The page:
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    Yes I have spent many a hours over at Vintage Airguns reading and researching the topic and these periodic guns. So I am familiar with the term MILLITIA. I've seen it used many times throughout the documents and publications I have read. Used to distinguish the Military patterned trainer air rifles used by the UK to introduce troops to marksmanship and also the UK's campaign to train their civilian population if ever their service would be needed.

    I do appreciate your help and "no" the info you provided wasn't confusing at all and echoes the history I've read about these rifles. I've found the history to be extremely interesting. 

    I still hope to identify a possible manufacturer. Because my rifle has the side Cam Lock that was a patented design by WW Greener 1930 to 1939. I believe it to be a safe guess this was made by a secondary company that built this rifle many years later based off of his design. That's what made me think a possible Diana version. 

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    KWK
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    Lol!😆😂 It's Millita! 😄 Not militia or millitia.  See what I mean?😉 

    The Millita brand rifles were available about 1906-45 in UK. Manufactured in Germany by Friedrich Langenham. FLZ  That's where the term apparently originates. Any barrel cocking quarter stock air rifle is generically called a millita. I don't think it has anything to do with military other than some air rifles were used during training of soldiers. 

    Some of the German bolt action Mauser looking airguns were used in training but never referred to as a millita. BSA made the Millitary Pattern replica of an Enfield but it was never adopted by the military. Certainly never referred to as a millita.

    Dennis Hiller 3rd addition p. 153 has a very good article on your gun and some various names it was sold under. Who made it. (Oscar Will) This barrel latch is a Lincoln Jeffries patent from 1903. Many years before the Greeners were available.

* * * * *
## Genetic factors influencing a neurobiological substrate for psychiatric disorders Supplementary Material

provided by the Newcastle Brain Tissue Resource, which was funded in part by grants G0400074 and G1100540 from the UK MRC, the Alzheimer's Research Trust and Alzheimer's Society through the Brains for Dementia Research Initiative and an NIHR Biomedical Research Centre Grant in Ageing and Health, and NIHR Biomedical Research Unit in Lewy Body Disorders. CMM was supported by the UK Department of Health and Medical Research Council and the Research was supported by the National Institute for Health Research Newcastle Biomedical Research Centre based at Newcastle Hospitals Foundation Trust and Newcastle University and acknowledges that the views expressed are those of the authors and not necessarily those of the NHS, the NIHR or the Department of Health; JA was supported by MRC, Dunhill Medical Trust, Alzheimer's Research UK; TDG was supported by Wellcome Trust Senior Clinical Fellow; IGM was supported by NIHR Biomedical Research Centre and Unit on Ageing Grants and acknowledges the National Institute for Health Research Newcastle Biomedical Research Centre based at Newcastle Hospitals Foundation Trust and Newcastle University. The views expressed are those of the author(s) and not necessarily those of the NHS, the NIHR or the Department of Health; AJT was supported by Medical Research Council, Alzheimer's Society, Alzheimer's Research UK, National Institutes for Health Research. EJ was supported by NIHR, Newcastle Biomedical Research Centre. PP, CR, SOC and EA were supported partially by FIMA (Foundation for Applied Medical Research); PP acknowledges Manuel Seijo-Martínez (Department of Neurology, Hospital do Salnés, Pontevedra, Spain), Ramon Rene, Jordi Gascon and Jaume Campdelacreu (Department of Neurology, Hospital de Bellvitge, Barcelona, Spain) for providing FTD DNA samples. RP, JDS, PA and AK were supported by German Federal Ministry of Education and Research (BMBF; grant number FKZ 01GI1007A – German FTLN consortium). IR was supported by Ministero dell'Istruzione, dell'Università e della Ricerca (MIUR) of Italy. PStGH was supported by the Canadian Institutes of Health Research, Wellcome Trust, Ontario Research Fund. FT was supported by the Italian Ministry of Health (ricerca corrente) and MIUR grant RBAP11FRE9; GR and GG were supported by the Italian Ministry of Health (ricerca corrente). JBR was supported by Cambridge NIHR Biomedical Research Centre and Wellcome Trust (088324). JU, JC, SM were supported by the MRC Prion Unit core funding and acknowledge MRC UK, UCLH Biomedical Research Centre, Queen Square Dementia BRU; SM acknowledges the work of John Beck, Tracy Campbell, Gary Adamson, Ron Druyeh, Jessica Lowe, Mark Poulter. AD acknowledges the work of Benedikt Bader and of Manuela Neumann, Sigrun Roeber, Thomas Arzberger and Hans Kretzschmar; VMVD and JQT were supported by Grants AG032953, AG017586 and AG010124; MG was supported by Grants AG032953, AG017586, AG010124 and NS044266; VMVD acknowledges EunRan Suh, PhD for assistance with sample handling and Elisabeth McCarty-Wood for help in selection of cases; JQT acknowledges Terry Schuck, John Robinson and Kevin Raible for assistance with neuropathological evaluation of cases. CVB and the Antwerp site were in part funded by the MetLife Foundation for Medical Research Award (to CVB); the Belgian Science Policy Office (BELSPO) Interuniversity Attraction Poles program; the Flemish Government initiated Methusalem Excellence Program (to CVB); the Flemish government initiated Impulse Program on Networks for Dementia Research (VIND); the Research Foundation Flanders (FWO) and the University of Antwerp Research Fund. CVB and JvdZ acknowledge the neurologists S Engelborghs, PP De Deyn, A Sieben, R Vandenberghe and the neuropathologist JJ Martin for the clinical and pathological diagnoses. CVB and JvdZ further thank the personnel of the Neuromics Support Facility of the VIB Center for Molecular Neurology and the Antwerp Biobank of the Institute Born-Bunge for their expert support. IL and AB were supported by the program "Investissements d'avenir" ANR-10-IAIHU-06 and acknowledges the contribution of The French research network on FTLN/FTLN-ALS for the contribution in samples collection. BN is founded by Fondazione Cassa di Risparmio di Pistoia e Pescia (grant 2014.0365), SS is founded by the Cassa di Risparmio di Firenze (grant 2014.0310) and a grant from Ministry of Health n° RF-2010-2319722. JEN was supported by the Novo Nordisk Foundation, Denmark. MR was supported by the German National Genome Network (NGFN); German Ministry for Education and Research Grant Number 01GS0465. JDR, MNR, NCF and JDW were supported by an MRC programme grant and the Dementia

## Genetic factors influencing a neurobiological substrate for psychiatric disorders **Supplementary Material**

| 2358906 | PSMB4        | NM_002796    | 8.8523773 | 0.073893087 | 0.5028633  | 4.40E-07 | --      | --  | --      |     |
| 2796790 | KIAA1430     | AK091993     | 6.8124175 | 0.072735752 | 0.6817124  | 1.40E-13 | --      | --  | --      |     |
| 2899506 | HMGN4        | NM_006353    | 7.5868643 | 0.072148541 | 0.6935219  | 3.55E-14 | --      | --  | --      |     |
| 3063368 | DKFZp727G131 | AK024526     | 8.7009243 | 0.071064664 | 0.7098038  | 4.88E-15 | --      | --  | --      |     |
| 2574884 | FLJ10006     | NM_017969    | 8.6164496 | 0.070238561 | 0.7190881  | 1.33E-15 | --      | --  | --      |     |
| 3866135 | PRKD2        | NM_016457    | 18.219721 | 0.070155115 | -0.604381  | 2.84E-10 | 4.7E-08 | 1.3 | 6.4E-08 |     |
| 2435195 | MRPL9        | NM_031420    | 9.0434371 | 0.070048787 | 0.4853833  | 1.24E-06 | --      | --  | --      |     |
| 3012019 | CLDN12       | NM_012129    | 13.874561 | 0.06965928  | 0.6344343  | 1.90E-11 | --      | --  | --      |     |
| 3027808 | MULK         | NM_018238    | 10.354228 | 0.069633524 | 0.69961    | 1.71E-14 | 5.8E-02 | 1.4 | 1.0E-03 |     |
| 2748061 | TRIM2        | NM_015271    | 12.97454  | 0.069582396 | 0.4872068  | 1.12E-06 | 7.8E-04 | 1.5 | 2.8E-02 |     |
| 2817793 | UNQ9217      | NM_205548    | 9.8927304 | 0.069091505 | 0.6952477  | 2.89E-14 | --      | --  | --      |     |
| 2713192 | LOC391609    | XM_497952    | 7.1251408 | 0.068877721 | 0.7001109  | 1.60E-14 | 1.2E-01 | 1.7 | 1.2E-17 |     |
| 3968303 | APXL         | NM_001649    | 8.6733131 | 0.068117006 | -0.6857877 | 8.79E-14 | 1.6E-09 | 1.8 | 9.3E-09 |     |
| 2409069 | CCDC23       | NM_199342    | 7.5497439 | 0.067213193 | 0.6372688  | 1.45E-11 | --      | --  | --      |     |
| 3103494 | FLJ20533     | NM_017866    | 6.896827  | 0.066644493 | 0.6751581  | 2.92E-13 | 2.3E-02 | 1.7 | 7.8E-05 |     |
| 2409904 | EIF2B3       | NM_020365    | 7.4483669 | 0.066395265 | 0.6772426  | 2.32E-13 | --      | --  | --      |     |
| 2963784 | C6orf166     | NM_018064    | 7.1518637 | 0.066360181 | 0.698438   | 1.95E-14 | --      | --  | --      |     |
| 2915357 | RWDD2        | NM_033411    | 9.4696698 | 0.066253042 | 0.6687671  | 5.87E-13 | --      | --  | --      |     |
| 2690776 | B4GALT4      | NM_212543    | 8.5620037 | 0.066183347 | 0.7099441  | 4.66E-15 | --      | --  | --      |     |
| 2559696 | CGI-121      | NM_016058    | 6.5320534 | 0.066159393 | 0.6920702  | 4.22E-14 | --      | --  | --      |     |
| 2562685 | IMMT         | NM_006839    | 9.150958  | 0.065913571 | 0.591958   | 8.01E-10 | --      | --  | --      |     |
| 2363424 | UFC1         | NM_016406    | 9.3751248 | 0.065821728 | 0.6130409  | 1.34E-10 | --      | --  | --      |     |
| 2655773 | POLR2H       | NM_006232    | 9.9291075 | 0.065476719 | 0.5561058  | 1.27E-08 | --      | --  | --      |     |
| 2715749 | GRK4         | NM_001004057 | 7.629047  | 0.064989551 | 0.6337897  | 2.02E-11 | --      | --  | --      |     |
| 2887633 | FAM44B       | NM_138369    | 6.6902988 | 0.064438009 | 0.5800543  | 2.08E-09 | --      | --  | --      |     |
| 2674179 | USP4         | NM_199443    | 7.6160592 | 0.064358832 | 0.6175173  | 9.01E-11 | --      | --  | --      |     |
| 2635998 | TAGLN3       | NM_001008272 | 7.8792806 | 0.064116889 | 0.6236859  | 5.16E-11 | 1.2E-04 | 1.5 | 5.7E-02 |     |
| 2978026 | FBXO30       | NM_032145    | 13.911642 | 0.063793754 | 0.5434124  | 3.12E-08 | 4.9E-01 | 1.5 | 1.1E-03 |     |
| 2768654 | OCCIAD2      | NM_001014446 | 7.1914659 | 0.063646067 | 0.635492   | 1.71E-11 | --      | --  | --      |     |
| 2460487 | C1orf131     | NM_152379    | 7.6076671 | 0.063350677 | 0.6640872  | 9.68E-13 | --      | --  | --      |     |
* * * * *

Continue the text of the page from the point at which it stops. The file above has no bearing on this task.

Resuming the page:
If you don't have Hiller's book I would highly recommend it to any person interested in 1900's air rifles. The fourth edition is available currently.  So much information in there that you will not find online.

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    KWK
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    https://www.gunstar.co.uk/roland-1927-177-air-rifles/Air-Guns/1274247

    Exact same gun marketed as a model #1927 Roland. Pictures 5 and 6 are illustrations from Hiller's book under "MARCO"(another brand this gun was marketed under) where this gun is described as made by Oscar Will.

    UK importers would often sell imported guns under various manes so buyers wouldn't suspect the gun came from "Nasty Germany".

    This is a Millita brand air rifle re branded by Lincoln Jeffries as a "Lincoln".

    https://forum.vintageairgunsgallery.com/millita/millita-air-rifle-lincoln-badged-engraved/

    George Lincoln Jeffries was a fine shotgun maufacturer as well as airgun importer before he invented the famous underlever he had BSA manufacture parts for 1906. Underlevers assembled from the parts at his factory were marked "Lincoln Jeffries". Guns assembled at BSA wore the BSA name. BSA was far better at the marketing game and after a few years bought out George Lincoln Jeffries and his patents.